One plus one equals three. In my collage there are three stone carvings representing father, mother and child. The figures are the three travelers or the three wise men. The burled wood shape combined with the distant tree on the left and the stone figure creates a visual triangle framing the stone carvings. The triangle is an ancient symbol for the feminine.
In the background of the collage, there is a slope of Bristle cone Pines. These trees grow at the very top of the tree line where very few plants can survive. High in the mountains of Utah, Nevada and the eastern slopes of the California Sierra Nevada live the Bristle cone pines. These trees are long living. One member of the species is 5,063 years old and is one of the oldest known living non-clonal organisms on Earth.
Even after one of these trees dies, the skeleton survives for centuries because the wood is very dense and resinous and does not rot. The tree wears away like stone. It is the wind, rain and freezing that sculpts away at the tree making its shape twisted and gnarled.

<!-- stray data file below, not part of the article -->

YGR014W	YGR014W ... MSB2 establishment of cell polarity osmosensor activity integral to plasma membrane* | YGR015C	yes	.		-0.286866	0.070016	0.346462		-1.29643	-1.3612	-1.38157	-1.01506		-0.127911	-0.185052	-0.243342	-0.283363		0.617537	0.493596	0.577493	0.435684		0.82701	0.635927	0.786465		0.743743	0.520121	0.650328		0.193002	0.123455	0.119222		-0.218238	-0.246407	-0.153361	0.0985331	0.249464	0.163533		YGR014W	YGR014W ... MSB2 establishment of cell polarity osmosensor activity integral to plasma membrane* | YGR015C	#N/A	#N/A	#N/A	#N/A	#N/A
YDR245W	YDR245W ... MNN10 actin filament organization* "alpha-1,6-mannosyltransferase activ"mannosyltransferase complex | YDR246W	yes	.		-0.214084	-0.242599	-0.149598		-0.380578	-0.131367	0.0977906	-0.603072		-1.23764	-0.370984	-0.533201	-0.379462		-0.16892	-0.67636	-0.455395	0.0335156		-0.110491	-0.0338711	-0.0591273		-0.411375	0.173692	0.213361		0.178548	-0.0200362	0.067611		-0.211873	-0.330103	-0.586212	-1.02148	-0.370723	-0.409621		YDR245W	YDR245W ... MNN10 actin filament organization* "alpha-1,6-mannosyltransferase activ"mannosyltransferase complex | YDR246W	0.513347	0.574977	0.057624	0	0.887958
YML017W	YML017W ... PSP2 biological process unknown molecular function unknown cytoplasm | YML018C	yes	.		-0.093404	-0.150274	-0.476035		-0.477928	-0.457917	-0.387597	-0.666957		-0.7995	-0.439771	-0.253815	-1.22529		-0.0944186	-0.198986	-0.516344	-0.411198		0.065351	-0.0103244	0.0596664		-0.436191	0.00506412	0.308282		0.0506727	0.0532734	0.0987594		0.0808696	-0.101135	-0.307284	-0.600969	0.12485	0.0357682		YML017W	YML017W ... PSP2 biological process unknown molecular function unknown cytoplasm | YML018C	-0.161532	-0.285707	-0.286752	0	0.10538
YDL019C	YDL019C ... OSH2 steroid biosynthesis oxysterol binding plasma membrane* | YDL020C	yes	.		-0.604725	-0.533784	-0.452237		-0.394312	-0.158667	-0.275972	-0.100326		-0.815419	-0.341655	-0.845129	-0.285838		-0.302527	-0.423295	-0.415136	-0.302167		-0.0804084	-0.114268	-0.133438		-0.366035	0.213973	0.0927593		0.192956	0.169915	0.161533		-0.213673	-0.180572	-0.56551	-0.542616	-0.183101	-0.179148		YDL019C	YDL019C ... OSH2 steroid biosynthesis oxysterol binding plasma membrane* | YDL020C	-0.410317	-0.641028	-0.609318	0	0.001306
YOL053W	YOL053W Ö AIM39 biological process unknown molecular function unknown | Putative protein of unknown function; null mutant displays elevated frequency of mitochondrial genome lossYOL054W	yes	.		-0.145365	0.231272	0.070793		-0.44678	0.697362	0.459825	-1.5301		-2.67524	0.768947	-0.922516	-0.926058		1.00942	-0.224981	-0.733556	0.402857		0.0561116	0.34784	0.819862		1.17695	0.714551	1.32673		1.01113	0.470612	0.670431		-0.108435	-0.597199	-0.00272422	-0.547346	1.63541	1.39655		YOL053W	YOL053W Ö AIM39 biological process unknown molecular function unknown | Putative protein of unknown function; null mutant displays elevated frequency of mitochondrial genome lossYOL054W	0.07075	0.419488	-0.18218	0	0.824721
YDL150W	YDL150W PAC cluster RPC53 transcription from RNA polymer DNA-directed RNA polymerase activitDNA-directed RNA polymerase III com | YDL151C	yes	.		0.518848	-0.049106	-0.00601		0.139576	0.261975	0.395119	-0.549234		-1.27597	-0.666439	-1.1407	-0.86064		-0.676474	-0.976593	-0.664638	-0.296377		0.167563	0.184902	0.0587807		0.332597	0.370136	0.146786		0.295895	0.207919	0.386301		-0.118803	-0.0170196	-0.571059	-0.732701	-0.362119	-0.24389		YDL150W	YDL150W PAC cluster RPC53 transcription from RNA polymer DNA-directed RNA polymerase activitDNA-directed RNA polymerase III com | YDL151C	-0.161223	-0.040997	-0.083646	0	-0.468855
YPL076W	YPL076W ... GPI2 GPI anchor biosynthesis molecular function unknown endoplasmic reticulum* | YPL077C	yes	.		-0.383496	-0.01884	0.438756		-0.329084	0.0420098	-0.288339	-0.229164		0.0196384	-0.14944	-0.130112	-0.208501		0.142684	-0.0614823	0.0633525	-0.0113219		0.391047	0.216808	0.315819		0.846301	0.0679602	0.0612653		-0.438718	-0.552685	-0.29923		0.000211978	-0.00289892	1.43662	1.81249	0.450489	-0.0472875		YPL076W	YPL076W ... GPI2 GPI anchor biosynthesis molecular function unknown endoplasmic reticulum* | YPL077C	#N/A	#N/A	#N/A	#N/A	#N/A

When older religious images are supplanted or discredited by later forms, the elder symbolism passes into the realm of the occult or of magic. Hence, in Christianized Europe anything repeated three times becomes magical. Fairy tales and folk traditions produce nearly everything in triplicate … three wishes, three trails, three sisters, three princesses, three tests or three characters. In the Christian world it is the Father, Son and Holy spirit.
Like the Bristle cone pine, the trinity is ancient, dating back to the pagan faith of the Goddess who with her three personae, Virgin, Mother and Crone personify the Ancient Trinity.